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(Updated)

It has been a fascinating week in anti-Semitism, but then they all are. The more I witness it, the more persuaded I become of the identity of the purer, more direct forms and the ignorant forms. After all, much ignorance – lack of knowledge and sophistication – is open with wonder and without prejudice, like that of a child, so ignorance is not the explanation or an excuse. I begin to think the ignorance a cover, conscious or not, for the hate, and the hate need not be virulent, but only casually alienating, marginalizing, and dehumanizing. This is true of all racism, but anti-Semitism has its longer unified and coherent history.

Mainstream English culture and politics do anti-Semitism well, which is to say more publically and unashamedly, so in addition to the Guardian, which, additional to other roles, is a functionally anti-Semitic rag, we have the academic union UCU, which former member Ronnie Fraser is suing for being “institutionally anti-Semitic.” This week alone we got British MP David Ward issuing the latest “they of all people” slander and the Sunday Times publishing a cartoon with a new iteration of the “blood libel” slander. Both initially and secondarily and arguably tertiarily resisted acknowledgement and apology, and both, when succumbing to pressure, issued disingenuous apologies. Ward apologized for “unintended offence.” This is where a form of ignorance arises, of the nature of a pathology, like the self-delusion of the alcoholic who denies his problem: of course, Ward intended to offend. That was the whole point of his comments. They are deeply critical remarks – particularly in their invidious nature and timing – that have no other possible effect, even if one fools oneself into thinking it is tough love.

A twitter exchange I had was akin to the response and unreserved apology, finally, of the Times that appears, actually, to be somewhat reserved. Unlike some allies, I do not tweet to engage in 140 character argumentation, especially with hateful people who would only waste my time, but sometimes – many tweeters offering a black box of identity – I’ll engage a little to probe the box and satisfy a curiosity. One response to my tweeting the Times cartoon was

 isn’t that what Israel is doing though? Maybe the wrong day for said cartoon, but not anti Semitic, is it??

This purposely chirpy tweeter over a few tweets went on to characterize the cartoon as “criticism,” which I, in closing, corrected to lie. The cartoon, in the manner of similar dishonest characterizations of the separation barrier, ignores or misrepresents the conditions of its origin. And even if one believes an argument can be made for the barrier’s problematic effect on some Palestinian lives, there is no manner whatsoever in which its construction or even its maintenance was or is the product of physical harm to Palestinians, much less mortared with their blood, by even Benjamin Netanyahu, who was not in office when the barrier was constructed. One need not know the history of the Jewish blood libel to recognize this one, even merely locally, as a libel. One need not know the history of Jewish caricature and demonization to recognize demonization and to know that demonization is dehumanization. To criticize, one must address facts; everything in the cartoon, without exception, is a lie.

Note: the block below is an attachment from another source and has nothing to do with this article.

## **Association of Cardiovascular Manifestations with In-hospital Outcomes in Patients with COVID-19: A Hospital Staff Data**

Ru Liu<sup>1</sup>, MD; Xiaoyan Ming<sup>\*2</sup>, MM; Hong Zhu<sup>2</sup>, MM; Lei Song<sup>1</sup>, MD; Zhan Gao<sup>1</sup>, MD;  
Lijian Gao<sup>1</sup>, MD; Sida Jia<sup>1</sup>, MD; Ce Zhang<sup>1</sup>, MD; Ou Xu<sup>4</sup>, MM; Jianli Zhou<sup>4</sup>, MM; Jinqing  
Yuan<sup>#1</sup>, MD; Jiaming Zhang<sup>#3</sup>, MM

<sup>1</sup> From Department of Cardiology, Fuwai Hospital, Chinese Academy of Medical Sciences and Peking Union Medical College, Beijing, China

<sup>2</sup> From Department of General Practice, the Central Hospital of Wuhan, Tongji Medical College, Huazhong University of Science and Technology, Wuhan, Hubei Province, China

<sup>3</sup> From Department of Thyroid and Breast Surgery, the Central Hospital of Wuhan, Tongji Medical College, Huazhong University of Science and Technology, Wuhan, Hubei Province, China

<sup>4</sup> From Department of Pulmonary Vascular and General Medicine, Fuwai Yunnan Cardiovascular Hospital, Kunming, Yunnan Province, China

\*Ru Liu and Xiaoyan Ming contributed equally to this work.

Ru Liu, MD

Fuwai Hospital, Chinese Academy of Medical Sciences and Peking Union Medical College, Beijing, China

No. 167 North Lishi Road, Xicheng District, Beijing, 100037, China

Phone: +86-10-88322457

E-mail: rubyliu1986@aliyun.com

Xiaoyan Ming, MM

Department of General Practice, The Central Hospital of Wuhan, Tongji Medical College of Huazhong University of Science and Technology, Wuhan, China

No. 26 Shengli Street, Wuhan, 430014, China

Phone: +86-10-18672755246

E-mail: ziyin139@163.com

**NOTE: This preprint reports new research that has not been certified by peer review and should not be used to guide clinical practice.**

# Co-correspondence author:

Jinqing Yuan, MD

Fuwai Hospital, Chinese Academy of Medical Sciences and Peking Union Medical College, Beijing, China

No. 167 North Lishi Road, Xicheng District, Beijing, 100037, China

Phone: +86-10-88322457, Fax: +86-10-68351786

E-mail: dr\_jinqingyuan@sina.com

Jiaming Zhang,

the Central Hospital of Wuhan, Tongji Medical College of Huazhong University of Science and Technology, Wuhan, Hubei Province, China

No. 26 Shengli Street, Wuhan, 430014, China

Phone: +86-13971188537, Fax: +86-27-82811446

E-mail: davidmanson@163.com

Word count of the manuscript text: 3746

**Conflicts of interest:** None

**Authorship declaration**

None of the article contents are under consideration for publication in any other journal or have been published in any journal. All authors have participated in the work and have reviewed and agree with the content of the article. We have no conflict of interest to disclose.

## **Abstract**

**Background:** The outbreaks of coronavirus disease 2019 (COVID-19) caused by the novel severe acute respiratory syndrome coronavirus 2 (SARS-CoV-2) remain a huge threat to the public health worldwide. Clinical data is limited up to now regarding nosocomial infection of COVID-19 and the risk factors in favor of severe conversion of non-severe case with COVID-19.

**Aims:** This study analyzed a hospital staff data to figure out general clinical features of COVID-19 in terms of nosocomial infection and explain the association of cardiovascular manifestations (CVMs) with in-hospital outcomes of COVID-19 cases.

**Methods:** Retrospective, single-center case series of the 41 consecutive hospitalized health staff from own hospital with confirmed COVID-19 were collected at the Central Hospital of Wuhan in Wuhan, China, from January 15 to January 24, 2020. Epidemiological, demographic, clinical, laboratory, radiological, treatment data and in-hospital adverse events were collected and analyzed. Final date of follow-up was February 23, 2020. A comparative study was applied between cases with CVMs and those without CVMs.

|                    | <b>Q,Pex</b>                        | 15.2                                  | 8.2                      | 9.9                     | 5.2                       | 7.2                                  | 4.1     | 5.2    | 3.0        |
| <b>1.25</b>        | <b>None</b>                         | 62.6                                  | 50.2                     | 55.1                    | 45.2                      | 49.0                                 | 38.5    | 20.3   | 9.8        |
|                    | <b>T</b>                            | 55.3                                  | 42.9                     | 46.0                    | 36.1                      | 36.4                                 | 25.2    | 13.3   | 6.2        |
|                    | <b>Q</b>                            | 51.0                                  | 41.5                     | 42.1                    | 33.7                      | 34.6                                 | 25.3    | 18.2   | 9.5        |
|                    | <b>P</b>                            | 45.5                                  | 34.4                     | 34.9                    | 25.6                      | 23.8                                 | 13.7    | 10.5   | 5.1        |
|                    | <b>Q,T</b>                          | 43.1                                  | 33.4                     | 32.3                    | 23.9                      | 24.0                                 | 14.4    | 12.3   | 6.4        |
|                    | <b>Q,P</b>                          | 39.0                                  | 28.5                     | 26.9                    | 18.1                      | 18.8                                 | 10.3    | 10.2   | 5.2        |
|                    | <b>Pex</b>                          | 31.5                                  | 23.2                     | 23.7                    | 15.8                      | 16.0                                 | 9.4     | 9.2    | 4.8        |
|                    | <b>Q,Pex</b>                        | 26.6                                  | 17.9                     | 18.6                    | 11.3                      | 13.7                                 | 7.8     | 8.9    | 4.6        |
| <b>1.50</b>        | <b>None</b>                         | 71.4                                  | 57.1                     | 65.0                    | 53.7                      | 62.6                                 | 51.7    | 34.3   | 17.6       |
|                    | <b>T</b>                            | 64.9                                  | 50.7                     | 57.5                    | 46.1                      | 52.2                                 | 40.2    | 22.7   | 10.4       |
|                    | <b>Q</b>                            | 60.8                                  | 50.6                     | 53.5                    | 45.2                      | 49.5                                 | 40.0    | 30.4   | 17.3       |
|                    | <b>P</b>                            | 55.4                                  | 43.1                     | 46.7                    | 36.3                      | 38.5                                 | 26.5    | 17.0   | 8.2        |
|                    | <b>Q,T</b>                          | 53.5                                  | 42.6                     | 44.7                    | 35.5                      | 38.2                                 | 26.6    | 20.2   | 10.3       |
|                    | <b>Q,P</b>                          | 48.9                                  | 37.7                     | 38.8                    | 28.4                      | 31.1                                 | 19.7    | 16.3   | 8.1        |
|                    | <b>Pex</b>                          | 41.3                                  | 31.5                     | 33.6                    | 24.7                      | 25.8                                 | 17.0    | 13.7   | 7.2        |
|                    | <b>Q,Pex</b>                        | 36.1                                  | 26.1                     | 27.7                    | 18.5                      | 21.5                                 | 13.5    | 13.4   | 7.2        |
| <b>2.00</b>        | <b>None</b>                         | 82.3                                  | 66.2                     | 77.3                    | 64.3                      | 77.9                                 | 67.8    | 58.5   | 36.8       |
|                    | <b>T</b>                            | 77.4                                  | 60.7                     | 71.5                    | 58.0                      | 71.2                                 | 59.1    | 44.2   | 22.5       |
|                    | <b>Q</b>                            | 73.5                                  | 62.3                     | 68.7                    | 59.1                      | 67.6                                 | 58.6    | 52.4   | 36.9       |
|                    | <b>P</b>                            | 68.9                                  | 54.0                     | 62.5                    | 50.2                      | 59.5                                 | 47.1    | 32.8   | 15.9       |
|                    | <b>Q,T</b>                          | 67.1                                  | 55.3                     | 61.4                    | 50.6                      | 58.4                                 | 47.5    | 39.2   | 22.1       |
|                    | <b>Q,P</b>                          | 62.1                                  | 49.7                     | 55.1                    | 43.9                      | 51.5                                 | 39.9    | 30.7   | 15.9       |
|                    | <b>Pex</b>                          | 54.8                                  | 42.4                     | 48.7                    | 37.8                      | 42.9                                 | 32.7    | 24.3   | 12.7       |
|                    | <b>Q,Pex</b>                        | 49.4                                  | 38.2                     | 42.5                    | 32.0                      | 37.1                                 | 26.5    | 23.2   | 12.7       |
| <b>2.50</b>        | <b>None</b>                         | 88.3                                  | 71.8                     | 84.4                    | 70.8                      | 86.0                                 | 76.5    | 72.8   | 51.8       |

It is finally meaningless to refer to the mind that looks at that cartoon and calls it true – “what Israel is doing” – and simply call it ignorant. It is the ignorance of a man who beats a woman and tells himself he did it because she misbehaved or in some way deserved it – he believes that, doesn’t he, as Ward and cartoonist Gerald Scarfe believe the Israel and Jews, for Ward, warrant the attack on them?

One has to hate, however so in denial, to form prejudice out of ignorance.

Not to focus on the English unfairly, though, even as I have been composing this post, information arrived that the Brooklyn College political science department does not think it prejudicial directly to sponsor a BDS event on campus – claiming sponsorship is not endorsement – and refuse to permit counter voices to participate.

And the Palestinian Ma’an News Agency, funded by the European Union, the United Nations Development Program, and UNESCO, publishes this:

“[The Jews] feel inferior to the nations and societies in which they live, because of the hostility and evil rising in their hearts towards others and for their plots and schemes against the nations who know with certainty that the Jews are the root of conflict in the world, wherever they reside.”

“[Jews are] outcasts in every corner of the earth, and not one nation in the world respects them… but Allah’s curse upon them and his fury at them cause them to continue with their transgression.”

“Allah has stricken fear in their hearts and decreed humiliation and degradation upon them until Judgment Day.”

The mind must simply reel at the pervasiveness of open anti-Semitism in the Muslim world and the pervasiveness today of covert anti-Semitism in the Western world. Here is how reminiscent the atmosphere is.